What memories do we have in the public space? Can we be part of its construction?
The Alameda Central of Mexico City is perhaps one of the public spaces that have contributed most to the memories of the city’s inhabitants. It is considered the oldest public garden in Mexico. Undoubtedly, it is made up of stories of thousands of humans.
In his mural Sueño de una tarde dominical en la Alameda Central (Dream of a Sunday Afternoon in the Alameda Central), Diego Rivera captured the history of the place, characters, but above of all, the possible interaction of completely different characters.
For this reason we were interested in not only placing an object outside the square, but a situation for citizens. A situation that will stop the complaint and encourage participation. Or at least a pleasant moment. A situation that allowed people to connect one to another through something tangible.
Tapetito Tapetote was part of the Festival of architecture and city Mextrópoli 2018, which aims to make city. The premise of the project was to have an installation that could be adapted by the users and be flexible in its program.
We found great inspiration in the installation of the work Sunflower Seeds by the artist Ai Wei Wei, where a large part of the population of Jingdezhen, China produced the piece. Everyone in the village talked about the work. They were part of that installation.
This is how we proposed to install a pavilion of 6,000 pieces of wood, dividing the activity into two parts. During Part I, we placed half of the pieces. Then, during Part II, the inhabitants of the city were invited and encouraged to finish their construction and customize it with the rest of the pieces, in order to be part of the construction of the city.
When we carried out the project, we proposed conceptually that the pavilion, when completed, would become a flat platform in which different situations could occur or it would simply be another layer of the existing pavement.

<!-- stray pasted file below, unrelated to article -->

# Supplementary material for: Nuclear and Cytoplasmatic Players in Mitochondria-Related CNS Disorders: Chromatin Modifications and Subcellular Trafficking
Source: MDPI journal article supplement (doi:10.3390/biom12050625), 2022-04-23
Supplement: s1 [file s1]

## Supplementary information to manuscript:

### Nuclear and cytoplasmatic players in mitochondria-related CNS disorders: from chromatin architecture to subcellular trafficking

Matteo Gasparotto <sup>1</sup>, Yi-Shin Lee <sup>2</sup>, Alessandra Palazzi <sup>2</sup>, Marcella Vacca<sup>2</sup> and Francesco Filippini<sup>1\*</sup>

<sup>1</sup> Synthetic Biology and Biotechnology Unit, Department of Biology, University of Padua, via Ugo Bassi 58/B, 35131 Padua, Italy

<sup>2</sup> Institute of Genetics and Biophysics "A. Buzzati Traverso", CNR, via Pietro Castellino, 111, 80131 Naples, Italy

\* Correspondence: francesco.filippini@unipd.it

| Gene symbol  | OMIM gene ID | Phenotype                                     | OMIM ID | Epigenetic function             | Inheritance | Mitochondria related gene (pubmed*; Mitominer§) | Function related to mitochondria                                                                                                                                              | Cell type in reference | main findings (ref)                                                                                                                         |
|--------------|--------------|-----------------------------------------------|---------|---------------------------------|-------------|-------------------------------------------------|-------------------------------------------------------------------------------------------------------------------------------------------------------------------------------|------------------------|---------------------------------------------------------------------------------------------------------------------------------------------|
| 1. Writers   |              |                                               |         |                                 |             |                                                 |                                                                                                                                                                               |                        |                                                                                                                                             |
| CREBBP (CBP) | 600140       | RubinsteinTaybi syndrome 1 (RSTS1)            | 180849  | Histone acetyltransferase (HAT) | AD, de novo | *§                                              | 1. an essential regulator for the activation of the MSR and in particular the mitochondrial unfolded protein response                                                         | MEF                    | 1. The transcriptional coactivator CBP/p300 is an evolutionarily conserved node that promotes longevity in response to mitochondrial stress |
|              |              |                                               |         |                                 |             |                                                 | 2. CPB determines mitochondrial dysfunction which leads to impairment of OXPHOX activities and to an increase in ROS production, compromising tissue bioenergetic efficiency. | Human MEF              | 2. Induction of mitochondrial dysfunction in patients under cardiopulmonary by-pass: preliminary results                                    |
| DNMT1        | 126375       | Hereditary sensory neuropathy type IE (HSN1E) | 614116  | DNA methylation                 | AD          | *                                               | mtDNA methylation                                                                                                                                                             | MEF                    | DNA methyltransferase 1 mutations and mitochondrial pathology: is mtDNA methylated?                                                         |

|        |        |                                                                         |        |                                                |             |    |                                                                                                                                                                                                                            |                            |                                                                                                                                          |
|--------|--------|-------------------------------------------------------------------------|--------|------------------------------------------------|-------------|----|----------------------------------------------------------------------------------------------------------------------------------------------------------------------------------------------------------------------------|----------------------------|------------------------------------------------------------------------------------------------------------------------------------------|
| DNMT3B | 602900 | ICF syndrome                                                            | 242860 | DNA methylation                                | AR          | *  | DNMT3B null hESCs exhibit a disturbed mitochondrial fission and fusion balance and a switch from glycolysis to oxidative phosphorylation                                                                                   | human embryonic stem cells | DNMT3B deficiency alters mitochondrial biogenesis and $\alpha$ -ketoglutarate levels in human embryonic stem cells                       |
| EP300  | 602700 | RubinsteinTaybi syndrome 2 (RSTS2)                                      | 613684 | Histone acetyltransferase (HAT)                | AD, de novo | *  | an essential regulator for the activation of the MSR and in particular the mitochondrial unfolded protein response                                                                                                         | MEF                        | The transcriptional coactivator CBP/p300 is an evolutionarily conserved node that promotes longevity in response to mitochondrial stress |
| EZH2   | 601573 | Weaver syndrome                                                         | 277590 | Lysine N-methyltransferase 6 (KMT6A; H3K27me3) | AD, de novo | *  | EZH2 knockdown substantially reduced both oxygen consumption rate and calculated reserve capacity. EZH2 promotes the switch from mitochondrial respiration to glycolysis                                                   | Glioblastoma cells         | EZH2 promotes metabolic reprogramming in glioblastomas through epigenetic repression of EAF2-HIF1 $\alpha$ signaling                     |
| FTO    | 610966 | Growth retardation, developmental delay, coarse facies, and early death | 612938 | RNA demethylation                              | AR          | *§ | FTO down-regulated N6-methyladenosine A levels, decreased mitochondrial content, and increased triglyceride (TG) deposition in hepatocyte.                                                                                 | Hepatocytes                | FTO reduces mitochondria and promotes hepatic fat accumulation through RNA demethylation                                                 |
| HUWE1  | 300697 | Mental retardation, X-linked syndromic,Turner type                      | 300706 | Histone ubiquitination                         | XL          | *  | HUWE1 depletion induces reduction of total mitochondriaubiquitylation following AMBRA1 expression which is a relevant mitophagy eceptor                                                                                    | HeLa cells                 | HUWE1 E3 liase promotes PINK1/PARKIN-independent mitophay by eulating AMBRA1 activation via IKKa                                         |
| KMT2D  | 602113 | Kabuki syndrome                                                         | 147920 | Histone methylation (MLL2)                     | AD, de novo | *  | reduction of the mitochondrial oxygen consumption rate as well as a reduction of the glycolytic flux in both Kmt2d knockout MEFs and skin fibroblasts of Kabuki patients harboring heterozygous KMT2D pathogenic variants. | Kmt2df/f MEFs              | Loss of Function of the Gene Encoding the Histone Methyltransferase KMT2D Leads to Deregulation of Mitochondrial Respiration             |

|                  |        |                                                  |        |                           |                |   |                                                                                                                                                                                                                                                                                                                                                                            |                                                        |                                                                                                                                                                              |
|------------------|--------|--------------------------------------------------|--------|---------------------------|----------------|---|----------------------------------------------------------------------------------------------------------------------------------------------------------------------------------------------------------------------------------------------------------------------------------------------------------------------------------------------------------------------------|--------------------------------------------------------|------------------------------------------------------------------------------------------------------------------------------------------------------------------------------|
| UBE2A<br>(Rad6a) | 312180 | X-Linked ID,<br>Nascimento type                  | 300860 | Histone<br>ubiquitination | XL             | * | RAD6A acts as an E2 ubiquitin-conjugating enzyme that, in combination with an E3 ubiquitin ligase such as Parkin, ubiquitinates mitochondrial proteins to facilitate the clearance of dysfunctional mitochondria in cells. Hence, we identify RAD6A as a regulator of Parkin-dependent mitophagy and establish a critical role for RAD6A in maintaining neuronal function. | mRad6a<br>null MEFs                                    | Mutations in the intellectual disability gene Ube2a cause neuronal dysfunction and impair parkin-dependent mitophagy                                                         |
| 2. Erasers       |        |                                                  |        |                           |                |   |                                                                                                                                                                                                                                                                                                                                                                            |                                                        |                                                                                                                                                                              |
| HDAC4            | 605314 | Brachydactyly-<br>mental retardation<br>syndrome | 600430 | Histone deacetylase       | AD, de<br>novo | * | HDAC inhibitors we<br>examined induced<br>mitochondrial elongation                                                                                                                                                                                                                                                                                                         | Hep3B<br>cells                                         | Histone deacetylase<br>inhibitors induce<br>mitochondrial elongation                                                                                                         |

At first, this happened. The participation of the people was very enthusiastic and curious. But suddenly, they started exercises that had not been planned initially. For example, a dancer came with some speakers and began to give a show, some families turned it into a playroom, others made sculptures with the pieces. They had appropriated of the space.
In the end, each exercise performed by the people in Tapetito Tapetote, was changing in scale, time and proportion. And the stories and memories in the Alameda continued to happen. As Jorge Luis Borges tells us in his poem Cambridge:
“We are our memory, we are that chimerical museum of inconstant forms, that pile of broken mirrors…”
It was an ephemeral exercise for the square, but permanent in the memory of everyone who wanted to approach. Now, La Alameda Central is once again a blank space that will continue to host ideas, invitations and memories. And maybe Tapetito Tapetote would find another place.